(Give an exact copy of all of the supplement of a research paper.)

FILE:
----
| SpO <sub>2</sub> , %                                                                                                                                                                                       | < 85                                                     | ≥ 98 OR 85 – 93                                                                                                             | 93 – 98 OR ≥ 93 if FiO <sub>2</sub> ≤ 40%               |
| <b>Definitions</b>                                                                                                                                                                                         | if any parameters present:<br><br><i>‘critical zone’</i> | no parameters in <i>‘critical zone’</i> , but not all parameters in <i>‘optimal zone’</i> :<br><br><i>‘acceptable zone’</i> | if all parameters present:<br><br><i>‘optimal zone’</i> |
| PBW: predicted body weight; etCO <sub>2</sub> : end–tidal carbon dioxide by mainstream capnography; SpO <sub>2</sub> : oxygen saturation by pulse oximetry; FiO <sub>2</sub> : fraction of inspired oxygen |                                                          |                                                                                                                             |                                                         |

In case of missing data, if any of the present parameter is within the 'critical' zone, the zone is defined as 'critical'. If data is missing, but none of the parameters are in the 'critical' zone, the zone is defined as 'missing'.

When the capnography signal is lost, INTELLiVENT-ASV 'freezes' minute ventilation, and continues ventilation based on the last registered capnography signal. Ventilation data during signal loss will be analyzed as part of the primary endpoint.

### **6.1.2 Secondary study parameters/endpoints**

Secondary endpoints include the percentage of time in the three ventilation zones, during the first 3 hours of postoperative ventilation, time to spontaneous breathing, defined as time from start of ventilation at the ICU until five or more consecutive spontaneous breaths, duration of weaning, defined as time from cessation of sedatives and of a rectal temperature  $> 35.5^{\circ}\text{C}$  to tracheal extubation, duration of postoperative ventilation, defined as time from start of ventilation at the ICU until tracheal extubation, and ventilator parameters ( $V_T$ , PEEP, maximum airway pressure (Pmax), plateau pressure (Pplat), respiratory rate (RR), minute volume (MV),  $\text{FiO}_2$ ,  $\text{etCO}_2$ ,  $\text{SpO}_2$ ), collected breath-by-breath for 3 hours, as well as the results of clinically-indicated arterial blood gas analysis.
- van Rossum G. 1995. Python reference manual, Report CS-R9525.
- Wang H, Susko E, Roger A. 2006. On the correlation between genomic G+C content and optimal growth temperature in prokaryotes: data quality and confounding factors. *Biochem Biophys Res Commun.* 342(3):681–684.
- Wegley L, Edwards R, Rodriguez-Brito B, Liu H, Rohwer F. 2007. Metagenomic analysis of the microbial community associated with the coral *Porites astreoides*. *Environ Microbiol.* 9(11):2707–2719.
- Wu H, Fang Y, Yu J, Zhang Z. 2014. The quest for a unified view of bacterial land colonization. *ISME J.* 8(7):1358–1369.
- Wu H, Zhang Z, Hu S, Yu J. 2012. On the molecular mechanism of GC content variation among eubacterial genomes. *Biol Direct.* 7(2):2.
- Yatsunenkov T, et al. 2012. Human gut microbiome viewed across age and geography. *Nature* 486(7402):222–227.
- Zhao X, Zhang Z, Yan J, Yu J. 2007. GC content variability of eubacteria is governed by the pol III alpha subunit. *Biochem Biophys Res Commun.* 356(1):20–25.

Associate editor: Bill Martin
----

| SpO <sub>2</sub> , %                                                                                                                                                                                       | < 85                                                     | ≥ 98 OR 85 – 93                                                                                                             | 93 – 98 OR ≥ 93 if FiO <sub>2</sub> ≤ 40%               |
| <b>Definitions</b>                                                                                                                                                                                         | if any parameters present:<br><br><i>‘critical zone’</i> | no parameters in <i>‘critical zone’</i> , but not all parameters in <i>‘optimal zone’</i> :<br><br><i>‘acceptable zone’</i> | if all parameters present:<br><br><i>‘optimal zone’</i> |
| PBW: predicted body weight; etCO <sub>2</sub> : end–tidal carbon dioxide by mainstream capnography; SpO <sub>2</sub> : oxygen saturation by pulse oximetry; FiO <sub>2</sub> : fraction of inspired oxygen |                                                          |                                                                                                                             |                                                         |

In case of missing data, if any of the present parameter is within the 'critical' zone, the zone is defined as 'critical'. If data is missing, but none of the parameters are in the 'critical' zone, the zone is defined as 'missing'.

When the capnography signal is lost, INTELLiVENT-ASV 'freezes' minute ventilation, and continues ventilation based on the last registered capnography signal. Ventilation data during signal loss will be analyzed as part of the primary endpoint.

### **6.1.2 Secondary study parameters/endpoints**

Secondary endpoints include the percentage of time in the three ventilation zones, during the first 3 hours of postoperative ventilation, time to spontaneous breathing, defined as time from start of ventilation at the ICU until five or more consecutive spontaneous breaths, duration of weaning, defined as time from cessation of sedatives and of a rectal temperature  $> 35.5^{\circ}\text{C}$  to tracheal extubation, duration of postoperative ventilation, defined as time from start of ventilation at the ICU until tracheal extubation, and ventilator parameters ( $V_T$ , PEEP, maximum airway pressure (Pmax), plateau pressure (Pplat), respiratory rate (RR), minute volume (MV),  $\text{FiO}_2$ ,  $\text{etCO}_2$ ,  $\text{SpO}_2$ ), collected breath-by-breath for 3 hours, as well as the results of clinically-indicated arterial blood gas analysis.
- van Rossum G. 1995. Python reference manual, Report CS-R9525.
- Wang H, Susko E, Roger A. 2006. On the correlation between genomic G+C content and optimal growth temperature in prokaryotes: data quality and confounding factors. *Biochem Biophys Res Commun.* 342(3):681–684.
- Wegley L, Edwards R, Rodriguez-Brito B, Liu H, Rohwer F. 2007. Metagenomic analysis of the microbial community associated with the coral *Porites astreoides*. *Environ Microbiol.* 9(11):2707–2719.
- Wu H, Fang Y, Yu J, Zhang Z. 2014. The quest for a unified view of bacterial land colonization. *ISME J.* 8(7):1358–1369.
- Wu H, Zhang Z, Hu S, Yu J. 2012. On the molecular mechanism of GC content variation among eubacterial genomes. *Biol Direct.* 7(2):2.
- Yatsunenkov T, et al. 2012. Human gut microbiome viewed across age and geography. *Nature* 486(7402):222–227.
- Zhao X, Zhang Z, Yan J, Yu J. 2007. GC content variability of eubacteria is governed by the pol III alpha subunit. *Biochem Biophys Res Commun.* 356(1):20–25.

Associate editor: Bill Martin